Stones Gambling Hall Settles Poker Cheating Suit, Kuraitis and Postle Speak Out

  • Most of the 88 plaintiffs have agreed to a settlement with Stones Gambling Hall
  • The plaintiffs’ lawyer said Stones and Justin Kuraitis were not involved in cheating
  • Kuraitis issued a statement, expressing disappointment in the poker community
  • Mike Postle said his story is being made into a documentary feature
Ace up a businessman's sleeve
The Stones Gambling Hall and 61 of 88 plaintiffs have agreed to a settlement deal in the lawsuit over alleged cheating by Mike Postle in Stones Live cash games. [Image: Shutterstock.com]

Dollar amounts were “nominal”

Stones Gambling Hall has agreed to a settlement with 61 of the 88 plaintiffs in the lawsuit revolving around charges of alleged cheating by poker player Mike Postle. In June, a judge dismissed charges against Postle, Stones, and Stones Live livestream production manager Justin Kuraitis, though some complaints could have been amended and brought back to court. The settlement was originally announced in August, but it was not until this week that terms were finalized.

It’s an amicable settlement that we’re happy to enter into.”

Maurice “Mac” VerStandig, attorney for the 88 plaintiffs, told The Sacramento Bee Monday that “It’s an amicable settlement that we’re happy to enter into.”

Financial terms have not been made public, but a Stones source told the Bee that the payouts were “nominal” and were really just a way to “show good will.” Richard Pachter, Kuraitis’s attorney, called the settlement “a complete vindication.”

Interestingly, Mac VerStandig issued a statement as part of the settlement, saying that neither Stones nor Kuraitis were involved in any alleged cheating. “My co-counsel and I have found no forensic evidence that there was cheating at Stones or that Stones, Mr Kuraitis, the Stones Live team, or any dealers were involved in any cheating scheme,” VerStandig said.

“…we are satisfied that Stones and Mr Kuraitis were not involved in any cheating that may have occurred,” he added, noticeably leaving out Mike Postle’s name.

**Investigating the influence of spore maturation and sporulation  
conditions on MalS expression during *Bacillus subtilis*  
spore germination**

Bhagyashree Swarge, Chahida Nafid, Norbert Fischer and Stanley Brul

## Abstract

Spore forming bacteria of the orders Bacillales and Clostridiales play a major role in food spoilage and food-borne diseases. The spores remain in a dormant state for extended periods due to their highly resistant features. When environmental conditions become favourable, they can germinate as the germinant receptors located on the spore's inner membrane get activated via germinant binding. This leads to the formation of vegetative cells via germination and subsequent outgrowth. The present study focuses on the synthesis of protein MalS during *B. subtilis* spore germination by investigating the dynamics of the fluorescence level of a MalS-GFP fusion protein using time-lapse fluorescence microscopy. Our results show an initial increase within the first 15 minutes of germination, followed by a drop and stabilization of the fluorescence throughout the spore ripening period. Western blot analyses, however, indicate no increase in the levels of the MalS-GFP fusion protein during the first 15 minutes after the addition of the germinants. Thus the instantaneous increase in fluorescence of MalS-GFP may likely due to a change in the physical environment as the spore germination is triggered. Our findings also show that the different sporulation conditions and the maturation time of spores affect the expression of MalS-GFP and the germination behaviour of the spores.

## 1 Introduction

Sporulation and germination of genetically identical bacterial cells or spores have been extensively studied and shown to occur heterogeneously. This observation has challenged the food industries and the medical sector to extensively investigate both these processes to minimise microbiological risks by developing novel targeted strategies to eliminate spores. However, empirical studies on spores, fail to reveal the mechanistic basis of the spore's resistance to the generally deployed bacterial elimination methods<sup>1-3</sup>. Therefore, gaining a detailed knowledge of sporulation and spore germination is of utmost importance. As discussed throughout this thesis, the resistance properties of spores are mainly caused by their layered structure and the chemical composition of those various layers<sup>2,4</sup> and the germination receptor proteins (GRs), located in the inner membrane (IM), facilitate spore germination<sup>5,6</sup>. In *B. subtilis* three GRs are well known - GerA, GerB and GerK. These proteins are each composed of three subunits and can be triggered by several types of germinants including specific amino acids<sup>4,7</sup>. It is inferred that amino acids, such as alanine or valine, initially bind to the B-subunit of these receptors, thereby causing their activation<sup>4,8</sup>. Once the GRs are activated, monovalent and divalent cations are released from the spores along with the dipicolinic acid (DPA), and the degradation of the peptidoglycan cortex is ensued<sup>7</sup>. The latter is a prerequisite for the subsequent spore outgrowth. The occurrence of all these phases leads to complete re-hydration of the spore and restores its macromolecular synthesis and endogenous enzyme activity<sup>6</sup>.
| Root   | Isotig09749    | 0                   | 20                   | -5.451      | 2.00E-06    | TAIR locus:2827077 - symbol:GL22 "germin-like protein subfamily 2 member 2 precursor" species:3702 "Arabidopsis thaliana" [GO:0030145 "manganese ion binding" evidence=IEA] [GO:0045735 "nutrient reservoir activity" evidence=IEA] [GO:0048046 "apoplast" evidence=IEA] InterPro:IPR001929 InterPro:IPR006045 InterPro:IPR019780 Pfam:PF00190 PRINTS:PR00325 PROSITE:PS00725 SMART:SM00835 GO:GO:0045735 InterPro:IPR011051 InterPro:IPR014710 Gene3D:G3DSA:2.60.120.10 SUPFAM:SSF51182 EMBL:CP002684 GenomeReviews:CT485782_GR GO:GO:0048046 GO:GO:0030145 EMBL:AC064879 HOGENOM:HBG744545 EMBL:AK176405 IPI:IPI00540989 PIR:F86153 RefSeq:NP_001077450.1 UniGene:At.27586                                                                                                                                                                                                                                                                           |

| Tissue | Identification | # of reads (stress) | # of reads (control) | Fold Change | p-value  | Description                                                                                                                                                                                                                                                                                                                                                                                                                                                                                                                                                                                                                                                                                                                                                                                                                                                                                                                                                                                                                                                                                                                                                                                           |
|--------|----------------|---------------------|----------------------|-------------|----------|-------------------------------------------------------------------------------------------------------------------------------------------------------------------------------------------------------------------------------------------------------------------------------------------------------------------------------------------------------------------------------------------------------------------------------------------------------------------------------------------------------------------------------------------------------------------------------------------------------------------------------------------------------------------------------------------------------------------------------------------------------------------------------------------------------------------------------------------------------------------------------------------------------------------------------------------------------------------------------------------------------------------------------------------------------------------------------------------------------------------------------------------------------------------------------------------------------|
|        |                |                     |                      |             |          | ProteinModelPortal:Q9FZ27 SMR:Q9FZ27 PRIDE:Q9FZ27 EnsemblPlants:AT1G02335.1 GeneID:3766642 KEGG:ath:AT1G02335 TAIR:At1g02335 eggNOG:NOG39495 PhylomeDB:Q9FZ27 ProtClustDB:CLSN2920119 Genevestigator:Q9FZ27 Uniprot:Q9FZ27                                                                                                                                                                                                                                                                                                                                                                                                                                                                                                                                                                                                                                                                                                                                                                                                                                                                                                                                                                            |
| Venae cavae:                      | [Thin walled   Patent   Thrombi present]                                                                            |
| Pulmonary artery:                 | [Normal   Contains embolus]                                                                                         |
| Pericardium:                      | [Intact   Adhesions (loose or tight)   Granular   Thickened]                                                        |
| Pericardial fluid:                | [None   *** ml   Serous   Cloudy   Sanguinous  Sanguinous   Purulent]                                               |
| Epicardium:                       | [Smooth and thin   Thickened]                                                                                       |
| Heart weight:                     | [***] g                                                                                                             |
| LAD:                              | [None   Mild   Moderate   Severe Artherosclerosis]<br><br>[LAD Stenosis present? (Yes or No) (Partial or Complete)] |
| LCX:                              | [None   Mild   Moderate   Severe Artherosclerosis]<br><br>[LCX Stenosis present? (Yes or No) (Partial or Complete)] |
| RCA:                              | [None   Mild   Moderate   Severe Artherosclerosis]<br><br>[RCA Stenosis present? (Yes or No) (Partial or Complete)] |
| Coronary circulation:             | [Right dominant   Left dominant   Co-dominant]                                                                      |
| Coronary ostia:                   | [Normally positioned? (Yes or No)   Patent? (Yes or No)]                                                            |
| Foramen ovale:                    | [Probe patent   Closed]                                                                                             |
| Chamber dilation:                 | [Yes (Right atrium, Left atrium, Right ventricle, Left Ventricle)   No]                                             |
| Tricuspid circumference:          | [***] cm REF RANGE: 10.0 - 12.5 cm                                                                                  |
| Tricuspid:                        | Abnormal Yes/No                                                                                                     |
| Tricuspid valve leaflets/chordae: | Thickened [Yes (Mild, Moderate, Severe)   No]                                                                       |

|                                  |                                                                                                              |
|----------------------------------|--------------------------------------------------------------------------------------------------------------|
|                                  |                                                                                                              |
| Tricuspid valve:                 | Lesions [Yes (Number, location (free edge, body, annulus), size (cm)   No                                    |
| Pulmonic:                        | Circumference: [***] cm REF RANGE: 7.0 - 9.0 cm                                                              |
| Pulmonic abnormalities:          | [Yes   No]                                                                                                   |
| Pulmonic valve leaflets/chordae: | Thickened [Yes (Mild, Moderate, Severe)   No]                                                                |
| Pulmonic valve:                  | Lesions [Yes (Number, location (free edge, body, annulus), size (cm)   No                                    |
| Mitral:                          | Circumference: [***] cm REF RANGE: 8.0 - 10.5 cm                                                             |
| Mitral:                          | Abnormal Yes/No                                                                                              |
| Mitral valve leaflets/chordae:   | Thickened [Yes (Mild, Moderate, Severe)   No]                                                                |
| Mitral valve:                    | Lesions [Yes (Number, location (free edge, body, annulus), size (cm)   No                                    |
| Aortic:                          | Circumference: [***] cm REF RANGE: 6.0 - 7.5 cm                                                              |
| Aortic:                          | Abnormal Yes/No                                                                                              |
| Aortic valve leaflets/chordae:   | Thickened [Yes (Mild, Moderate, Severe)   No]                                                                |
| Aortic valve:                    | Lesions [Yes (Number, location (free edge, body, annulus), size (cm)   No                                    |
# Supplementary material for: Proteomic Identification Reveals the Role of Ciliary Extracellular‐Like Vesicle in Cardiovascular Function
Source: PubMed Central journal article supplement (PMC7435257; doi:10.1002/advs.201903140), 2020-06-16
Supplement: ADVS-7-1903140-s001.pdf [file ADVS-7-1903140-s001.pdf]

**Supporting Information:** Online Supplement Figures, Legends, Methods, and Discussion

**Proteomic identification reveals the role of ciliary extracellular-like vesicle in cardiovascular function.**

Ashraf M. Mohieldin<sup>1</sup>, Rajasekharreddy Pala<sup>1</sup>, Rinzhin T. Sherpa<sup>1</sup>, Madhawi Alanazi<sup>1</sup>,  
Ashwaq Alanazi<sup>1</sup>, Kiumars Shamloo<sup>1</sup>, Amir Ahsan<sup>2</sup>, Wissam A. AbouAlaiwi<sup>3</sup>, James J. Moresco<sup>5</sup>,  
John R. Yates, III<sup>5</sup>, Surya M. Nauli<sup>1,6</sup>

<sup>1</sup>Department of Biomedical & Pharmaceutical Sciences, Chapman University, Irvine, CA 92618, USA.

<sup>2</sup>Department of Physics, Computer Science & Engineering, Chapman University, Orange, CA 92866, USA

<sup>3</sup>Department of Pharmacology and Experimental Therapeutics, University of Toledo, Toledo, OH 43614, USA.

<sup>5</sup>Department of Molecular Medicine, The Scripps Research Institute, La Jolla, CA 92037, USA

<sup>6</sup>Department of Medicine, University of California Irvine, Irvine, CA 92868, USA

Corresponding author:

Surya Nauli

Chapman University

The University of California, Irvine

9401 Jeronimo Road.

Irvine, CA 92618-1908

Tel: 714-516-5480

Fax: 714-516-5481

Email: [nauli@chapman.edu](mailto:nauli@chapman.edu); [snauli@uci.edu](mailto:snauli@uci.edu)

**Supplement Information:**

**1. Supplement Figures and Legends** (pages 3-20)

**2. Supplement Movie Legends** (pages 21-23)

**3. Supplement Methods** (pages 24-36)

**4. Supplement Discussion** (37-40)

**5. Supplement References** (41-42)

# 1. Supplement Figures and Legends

Justin Kuraitis relieved, but furious

Kuraitis spoke out for the first time on Monday, expressing his happiness with the settlement. He also lashed out at the poker community and poker media outlets who “falsely accused me of being a knowing participant in what was allegedly the ‘biggest poker cheating scandal in history.’”

He added that, although the allegations against him were untrue, he willingly cooperated with the California Department of Justice’s Bureau of Gambling Control. Kuraitis said that not only was he innocent, but that Mike Postle did not cheat either.

Among others, Kuraitis specifically pointed out popular poker vlogger Joey Ingram, claiming he “was peddling false statistics, cherry-picking hands to fit his theories and ignoring data that did not fit his version of the story.”

Kuraitis explained that the “propaganda machine” was so effective that he actually started wondering if he really did miss signs of cheating.

Those close to me know that I would never stand for or be involved in anything close to what I was accused of.”

“In the last year I have seen a community that I considered family turn against me,” wrote Kuraitis in his three and a half page statement. “Those close to me know that I would never stand for or be involved in anything close to what I was accused of. Many of the people that joined the lawsuit and spoke out against me were people that I once called friends. Some of them, I even considered family.”

Postle will tell his story

The Postle case dates back a year, when Veronica Brill tweeted that she suspected someone of cheating in Stones Live games, low-stakes cash games streamed live from Stones Gambling Hall. The poker community proceeded to comb through Postle’s stats and videos from his streamed sessions, concluding that he profited about $130,000 in 34 streamed cash game sessions of $1/$3 and $5/$5 No-Limit Hold’em.

In addition to the fantastic profit, two other things aroused suspicion. Postle often won pots with very bad hole cards or played from behind and still won in hands from which most players would have bailed. His combination of reading ability and luck seemed off the charts. Secondly, many believed it looked like Postle was looking at a device in his lap whenever he had to think things over. That, in addition to what viewers thought was an odd bulge in his baseball cap, made people speculate that he either had a device to receive card RFID data or to watch the unfiltered live stream of the game.

Postle texted the Bee on Monday, saying: “As much as I’d like to say, all I can really say right now is that I have my side of this entire fiasco to tell. It won’t just shock the poker and gambling industries, but the entire world.”

He added that he is telling “an entire incredible 17-year story”, which includes this saga, to a production team who is putting together a documentary film.